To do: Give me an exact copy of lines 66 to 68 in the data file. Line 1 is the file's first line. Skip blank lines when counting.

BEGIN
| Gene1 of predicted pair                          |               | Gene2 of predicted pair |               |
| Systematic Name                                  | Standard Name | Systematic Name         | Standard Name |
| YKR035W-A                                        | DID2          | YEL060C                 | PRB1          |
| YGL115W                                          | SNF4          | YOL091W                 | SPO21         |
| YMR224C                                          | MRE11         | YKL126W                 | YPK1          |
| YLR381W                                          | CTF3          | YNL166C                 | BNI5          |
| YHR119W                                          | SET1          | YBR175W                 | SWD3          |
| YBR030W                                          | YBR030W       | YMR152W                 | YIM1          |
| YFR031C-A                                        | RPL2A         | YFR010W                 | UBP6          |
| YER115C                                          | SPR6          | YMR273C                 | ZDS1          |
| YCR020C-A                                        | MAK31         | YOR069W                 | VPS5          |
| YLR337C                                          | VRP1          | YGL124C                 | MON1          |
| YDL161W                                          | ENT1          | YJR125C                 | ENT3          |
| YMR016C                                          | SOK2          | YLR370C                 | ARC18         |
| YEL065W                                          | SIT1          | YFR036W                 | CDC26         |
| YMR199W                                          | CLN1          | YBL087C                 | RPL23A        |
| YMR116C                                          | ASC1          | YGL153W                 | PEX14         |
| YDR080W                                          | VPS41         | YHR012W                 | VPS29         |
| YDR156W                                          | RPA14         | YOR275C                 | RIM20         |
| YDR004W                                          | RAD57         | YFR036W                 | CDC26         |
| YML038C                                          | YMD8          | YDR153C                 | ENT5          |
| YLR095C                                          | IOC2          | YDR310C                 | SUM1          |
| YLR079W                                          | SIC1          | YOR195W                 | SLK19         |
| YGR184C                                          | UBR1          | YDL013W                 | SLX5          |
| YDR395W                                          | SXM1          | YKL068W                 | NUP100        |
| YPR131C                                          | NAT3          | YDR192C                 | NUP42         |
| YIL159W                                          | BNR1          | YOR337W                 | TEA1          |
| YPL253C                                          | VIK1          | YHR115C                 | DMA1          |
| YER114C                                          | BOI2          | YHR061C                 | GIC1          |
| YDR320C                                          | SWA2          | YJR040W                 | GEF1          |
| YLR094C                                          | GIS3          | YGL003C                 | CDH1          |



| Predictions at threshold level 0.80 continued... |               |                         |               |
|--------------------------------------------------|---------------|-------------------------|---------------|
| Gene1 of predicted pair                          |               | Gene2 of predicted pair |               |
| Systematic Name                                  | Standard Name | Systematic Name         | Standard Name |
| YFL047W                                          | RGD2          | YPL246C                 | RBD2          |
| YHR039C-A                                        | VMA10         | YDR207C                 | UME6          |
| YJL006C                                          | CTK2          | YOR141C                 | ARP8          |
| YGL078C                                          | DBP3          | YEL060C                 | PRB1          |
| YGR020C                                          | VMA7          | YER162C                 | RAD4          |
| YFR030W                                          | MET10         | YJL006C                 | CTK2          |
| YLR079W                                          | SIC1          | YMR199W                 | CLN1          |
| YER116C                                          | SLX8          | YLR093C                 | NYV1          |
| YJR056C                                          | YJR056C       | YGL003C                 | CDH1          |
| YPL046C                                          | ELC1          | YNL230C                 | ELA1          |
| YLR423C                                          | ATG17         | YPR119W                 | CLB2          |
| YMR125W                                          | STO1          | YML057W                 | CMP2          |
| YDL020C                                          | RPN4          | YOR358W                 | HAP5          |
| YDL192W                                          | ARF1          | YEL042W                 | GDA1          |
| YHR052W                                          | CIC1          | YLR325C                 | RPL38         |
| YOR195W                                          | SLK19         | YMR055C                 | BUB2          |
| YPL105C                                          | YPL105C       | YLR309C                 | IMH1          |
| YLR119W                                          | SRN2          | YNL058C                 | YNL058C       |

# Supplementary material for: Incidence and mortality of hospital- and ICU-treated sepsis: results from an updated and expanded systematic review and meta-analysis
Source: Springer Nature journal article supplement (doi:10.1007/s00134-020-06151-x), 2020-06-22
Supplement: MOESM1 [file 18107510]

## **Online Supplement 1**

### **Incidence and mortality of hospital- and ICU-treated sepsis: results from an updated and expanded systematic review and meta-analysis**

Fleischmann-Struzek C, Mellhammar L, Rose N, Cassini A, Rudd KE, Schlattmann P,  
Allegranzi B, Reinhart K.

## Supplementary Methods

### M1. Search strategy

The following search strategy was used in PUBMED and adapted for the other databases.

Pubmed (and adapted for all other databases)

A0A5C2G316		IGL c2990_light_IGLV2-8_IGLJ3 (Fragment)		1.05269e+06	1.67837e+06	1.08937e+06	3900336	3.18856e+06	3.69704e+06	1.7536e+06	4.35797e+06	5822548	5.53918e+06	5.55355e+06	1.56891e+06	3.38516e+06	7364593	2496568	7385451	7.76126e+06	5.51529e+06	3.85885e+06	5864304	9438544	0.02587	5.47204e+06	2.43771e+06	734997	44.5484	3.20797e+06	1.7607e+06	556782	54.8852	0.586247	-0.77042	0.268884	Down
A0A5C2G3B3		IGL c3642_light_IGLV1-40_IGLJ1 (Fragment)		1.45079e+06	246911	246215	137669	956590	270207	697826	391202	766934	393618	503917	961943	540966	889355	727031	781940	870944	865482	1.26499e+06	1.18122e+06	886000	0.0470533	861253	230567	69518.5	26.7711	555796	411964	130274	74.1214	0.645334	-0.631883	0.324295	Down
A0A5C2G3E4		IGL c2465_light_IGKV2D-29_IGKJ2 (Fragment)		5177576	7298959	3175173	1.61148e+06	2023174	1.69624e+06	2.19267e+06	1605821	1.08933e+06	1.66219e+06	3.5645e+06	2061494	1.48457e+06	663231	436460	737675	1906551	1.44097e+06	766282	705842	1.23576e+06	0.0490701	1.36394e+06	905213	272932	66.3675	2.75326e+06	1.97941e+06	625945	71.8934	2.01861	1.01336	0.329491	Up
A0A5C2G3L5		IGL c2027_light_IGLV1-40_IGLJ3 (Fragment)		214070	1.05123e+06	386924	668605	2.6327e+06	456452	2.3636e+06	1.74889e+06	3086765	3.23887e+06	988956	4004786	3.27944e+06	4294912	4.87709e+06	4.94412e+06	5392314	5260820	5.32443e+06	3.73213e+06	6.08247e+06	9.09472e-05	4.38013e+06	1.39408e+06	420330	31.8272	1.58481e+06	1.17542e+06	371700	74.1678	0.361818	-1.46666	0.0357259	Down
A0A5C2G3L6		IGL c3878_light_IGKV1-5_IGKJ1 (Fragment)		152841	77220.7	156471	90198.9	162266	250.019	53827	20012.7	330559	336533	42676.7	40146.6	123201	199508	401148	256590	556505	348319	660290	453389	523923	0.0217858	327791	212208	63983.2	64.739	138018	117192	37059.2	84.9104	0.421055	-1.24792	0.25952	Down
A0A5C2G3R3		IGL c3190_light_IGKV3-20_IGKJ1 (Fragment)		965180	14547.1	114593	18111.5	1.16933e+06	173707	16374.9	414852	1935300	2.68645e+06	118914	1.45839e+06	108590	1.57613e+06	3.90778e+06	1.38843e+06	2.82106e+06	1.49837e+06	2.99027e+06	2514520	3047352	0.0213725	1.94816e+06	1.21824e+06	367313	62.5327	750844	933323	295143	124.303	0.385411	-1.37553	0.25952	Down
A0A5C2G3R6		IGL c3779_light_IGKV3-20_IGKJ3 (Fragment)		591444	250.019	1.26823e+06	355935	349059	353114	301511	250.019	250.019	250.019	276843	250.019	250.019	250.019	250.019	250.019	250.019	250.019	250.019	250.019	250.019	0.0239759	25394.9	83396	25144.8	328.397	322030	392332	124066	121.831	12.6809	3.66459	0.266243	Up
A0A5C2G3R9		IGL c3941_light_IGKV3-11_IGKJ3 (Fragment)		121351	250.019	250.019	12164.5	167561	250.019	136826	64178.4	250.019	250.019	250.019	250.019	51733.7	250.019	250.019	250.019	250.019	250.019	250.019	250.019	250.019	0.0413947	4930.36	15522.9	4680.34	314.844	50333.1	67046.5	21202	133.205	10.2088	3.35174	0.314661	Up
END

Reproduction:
A0A5C2G3B3		IGL c3642_light_IGLV1-40_IGLJ1 (Fragment)		1.45079e+06	246911	246215	137669	956590	270207	697826	391202	766934	393618	503917	961943	540966	889355	727031	781940	870944	865482	1.26499e+06	1.18122e+06	886000	0.0470533	861253	230567	69518.5	26.7711	555796	411964	130274	74.1214	0.645334	-0.631883	0.324295	Down
A0A5C2G3E4		IGL c2465_light_IGKV2D-29_IGKJ2 (Fragment)		5177576	7298959	3175173	1.61148e+06	2023174	1.69624e+06	2.19267e+06	1605821	1.08933e+06	1.66219e+06	3.5645e+06	2061494	1.48457e+06	663231	436460	737675	1906551	1.44097e+06	766282	705842	1.23576e+06	0.0490701	1.36394e+06	905213	272932	66.3675	2.75326e+06	1.97941e+06	625945	71.8934	2.01861	1.01336	0.329491	Up
A0A5C2G3L5		IGL c2027_light_IGLV1-40_IGLJ3 (Fragment)		214070	1.05123e+06	386924	668605	2.6327e+06	456452	2.3636e+06	1.74889e+06	3086765	3.23887e+06	988956	4004786	3.27944e+06	4294912	4.87709e+06	4.94412e+06	5392314	5260820	5.32443e+06	3.73213e+06	6.08247e+06	9.09472e-05	4.38013e+06	1.39408e+06	420330	31.8272	1.58481e+06	1.17542e+06	371700	74.1678	0.361818	-1.46666	0.0357259	Down